Bruce Murphy
Back in the News

Why Mary Nohl Home Must Be Moved

The Milwaukee Journal Sentinel picks up on the controversy, but the story and its handling is rather bizarre.

By - Jul 17th, 2014 01:14 pm
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Mary Nohl Lakeside Art Environment

Mary Nohl Lakeside Art Environment

Last week Thursday, there was a fascinating forum at the Milwaukee Art Museum about the fate of the Mary Nohl home, which Michael Horne covered for Urban Milwaukee Dial the next day.

Four days later the Milwaukee Journal Sentinel finally reported on the forum, and not for its general newspaper audience, but only for readers of its North Shore NOW publication. (The story first ran in print today.)

Reporter Jeff Rumage adds some new information to the story, namely that the village of Fox Point took the Kohler Foundation to court in 2005 “because the organization held fundraisers, tours, bus tours and operated the house like a museum. The village won on the grounds that a museum does not comply with the residential zoning of the area.”

“Also in 2005,” Rumage tells us, “85 percent of households on the same street as the Mary Nohl House signed a statement in opposition to a museum. In 2006, more than 100 residents showed up to a public hearing wearing buttons that said ‘no museum.’”

That’s about all the new information in the story. Rumage gives a cursory summary of speech by Ruth DeYoung Kohler, which was the main event at the forum, with by far the most impact.

And he allows Milwaukee historian and weekly Journal Sentinel columnist John Gurda to get the last word in his story.

You could chalk all this up to an interpretive difference between two reporters, or conclude the story was really written more to serve the residents of Fox Point, in a weekly supplement that distributed only to North Shore readers.

The more troubling question is why the state’s largest newspaper would think the story only of interest to a small minority of its readers. Mary Nohl is an artist of statewide or even national interest among arts lovers and the home, it appears, will have to be moved to Sheboygan by the John Michael Kohler Arts Center. That’s a dramatic story, surely of state-wide interest, treated here as though its merely relevant to Fox Point. That would seem to buttress the insular position of the Fox Point powers that be, whose main concern seems to be pleasing the residents living along the lake.

0 thoughts on “Back in the News: Why Mary Nohl Home Must Be Moved”

  1. Anonymous says:

    I am an art guy, but wonder about this case.

    So you live next to an eccentric woman who puts out a lot of bad art in her front yard (art you don’t like). She doesn’t like your silver globe you got at Home Depot. That’s ok, this is America, and private property. But now an art institution owns it, that’s a different story. Art Museums are forever. That’s why there is zoning. It would be something else, a cult church (which is not much different, in this case, of Mary Knoll for some).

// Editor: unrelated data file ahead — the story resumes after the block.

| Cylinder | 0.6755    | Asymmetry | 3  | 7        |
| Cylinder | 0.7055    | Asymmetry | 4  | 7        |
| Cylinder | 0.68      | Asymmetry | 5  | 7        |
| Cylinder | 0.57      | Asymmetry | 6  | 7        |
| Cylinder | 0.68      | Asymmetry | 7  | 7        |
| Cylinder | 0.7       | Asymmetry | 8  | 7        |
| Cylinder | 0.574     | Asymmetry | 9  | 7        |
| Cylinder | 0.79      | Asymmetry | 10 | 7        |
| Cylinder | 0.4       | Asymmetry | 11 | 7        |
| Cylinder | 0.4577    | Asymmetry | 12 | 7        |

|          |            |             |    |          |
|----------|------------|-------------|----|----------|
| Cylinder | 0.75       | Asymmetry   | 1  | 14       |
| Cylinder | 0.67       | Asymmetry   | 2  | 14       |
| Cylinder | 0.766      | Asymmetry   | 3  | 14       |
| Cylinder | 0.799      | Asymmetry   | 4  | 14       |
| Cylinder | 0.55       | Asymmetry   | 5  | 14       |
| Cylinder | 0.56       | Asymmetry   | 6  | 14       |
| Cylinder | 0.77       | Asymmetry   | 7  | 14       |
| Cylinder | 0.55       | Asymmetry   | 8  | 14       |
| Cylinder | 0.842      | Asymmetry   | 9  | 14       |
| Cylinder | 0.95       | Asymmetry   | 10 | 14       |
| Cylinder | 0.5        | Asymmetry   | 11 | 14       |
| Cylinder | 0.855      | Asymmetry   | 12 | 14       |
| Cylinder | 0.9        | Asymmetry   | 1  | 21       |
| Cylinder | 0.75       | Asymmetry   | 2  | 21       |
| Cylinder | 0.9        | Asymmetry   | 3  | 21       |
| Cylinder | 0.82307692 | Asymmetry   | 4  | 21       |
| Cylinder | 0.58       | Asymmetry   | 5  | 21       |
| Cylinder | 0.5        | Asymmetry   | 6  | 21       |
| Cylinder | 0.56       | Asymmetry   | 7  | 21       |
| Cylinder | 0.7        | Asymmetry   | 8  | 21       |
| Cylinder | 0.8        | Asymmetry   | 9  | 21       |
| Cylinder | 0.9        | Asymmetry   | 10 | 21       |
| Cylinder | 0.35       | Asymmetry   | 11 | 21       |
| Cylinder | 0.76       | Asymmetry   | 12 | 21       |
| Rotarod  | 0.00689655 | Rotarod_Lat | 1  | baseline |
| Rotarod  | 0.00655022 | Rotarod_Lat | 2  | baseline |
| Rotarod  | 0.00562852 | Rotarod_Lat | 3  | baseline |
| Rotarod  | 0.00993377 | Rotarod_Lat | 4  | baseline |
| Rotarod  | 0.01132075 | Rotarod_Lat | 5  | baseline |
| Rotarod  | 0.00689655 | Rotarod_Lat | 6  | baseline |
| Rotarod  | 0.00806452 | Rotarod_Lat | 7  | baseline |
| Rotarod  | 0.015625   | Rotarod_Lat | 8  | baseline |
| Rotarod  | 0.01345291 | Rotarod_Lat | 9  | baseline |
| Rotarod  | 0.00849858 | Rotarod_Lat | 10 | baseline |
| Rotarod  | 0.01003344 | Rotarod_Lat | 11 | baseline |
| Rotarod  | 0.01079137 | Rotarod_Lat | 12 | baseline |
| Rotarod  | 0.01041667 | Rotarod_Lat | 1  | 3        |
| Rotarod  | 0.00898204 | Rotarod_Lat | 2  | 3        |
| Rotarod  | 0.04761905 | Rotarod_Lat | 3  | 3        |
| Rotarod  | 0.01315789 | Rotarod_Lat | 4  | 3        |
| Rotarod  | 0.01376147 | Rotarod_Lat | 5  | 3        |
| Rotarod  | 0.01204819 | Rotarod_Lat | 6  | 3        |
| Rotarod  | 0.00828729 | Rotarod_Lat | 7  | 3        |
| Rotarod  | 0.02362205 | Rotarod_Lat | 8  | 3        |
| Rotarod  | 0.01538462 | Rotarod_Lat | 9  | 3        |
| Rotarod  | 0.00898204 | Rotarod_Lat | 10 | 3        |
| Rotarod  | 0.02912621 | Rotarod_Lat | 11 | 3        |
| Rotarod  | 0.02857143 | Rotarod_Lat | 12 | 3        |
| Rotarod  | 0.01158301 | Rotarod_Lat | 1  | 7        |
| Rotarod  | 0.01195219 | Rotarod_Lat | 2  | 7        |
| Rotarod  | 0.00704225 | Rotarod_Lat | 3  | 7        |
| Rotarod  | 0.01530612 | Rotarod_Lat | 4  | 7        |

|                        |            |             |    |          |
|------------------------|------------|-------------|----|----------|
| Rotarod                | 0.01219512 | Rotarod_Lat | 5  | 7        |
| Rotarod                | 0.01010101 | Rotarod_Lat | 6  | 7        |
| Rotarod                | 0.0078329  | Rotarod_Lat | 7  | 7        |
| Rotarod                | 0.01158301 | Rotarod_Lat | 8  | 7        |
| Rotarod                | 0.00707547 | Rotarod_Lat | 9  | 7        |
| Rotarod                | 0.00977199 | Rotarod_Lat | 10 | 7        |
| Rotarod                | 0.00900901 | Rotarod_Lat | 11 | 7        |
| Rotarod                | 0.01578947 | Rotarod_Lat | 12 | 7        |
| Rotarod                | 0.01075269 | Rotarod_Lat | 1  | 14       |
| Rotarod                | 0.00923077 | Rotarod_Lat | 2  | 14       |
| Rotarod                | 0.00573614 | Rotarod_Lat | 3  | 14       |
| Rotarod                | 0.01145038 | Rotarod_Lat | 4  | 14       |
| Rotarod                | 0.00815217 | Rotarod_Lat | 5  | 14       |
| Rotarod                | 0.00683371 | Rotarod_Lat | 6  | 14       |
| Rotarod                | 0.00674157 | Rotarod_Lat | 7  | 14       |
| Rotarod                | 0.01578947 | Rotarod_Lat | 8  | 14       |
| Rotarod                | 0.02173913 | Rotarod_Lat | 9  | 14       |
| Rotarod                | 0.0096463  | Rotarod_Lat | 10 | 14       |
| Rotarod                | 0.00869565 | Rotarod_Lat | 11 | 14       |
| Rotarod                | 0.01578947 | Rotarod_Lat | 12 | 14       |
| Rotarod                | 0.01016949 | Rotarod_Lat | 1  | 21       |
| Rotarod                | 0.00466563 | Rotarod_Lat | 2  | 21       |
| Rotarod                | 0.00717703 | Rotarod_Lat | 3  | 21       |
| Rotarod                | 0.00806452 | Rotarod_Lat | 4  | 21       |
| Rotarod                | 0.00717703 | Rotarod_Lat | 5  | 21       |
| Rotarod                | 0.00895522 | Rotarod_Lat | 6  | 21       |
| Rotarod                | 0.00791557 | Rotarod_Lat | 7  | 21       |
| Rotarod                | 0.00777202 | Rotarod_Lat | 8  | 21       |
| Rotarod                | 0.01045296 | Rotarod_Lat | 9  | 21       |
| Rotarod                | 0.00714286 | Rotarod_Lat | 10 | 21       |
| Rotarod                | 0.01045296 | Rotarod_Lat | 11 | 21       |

I personally would not have a problem with having the Knoll site in my neighborhood, but I understand why others might feel differently.

  2. Anonymous says:

    Tom,

    You’re not just “an art guy,” you’ve been a curator at a major American museum (Milwaukee Art Museum) so one would presume that you’d take a much larger view of the situation (and at the very least, spell the artist’s name correctly). In addition to private property, the very relevant issues of freedom of expression, acceptance of cultural and artistic diversity, tolerance, and a basic sense of generosity toward ones’ neighbors should come into play, but an apparently small percentage of the neighbors have instead blocked a plan for VERY low visitation at the Nohl site (fewer people, who would be shuttled in, than a Saturday night dinner party at any of the neighbors’ homes), and the neighbors who expressed their support of the plan to keep the Nohl site in situ (in survey studies) have, to date, remained silent.

    Whether you appreciate Nohl’s aesthetic or not is one thing, but to imply that her yard environment is comparable to a cult church (with the thinly veiled distancing of this as your opinion by writing “for some”), is truly offensive.

    I imagine you would have fought valiantly against efforts to suppress or censor of works of art in a museum exhibition, perceived as “difficult” by the public. Would that more curators would stand up for works of art that exist outside the confines of a museum, that take place in the sphere of ordinary life, that are challenging.

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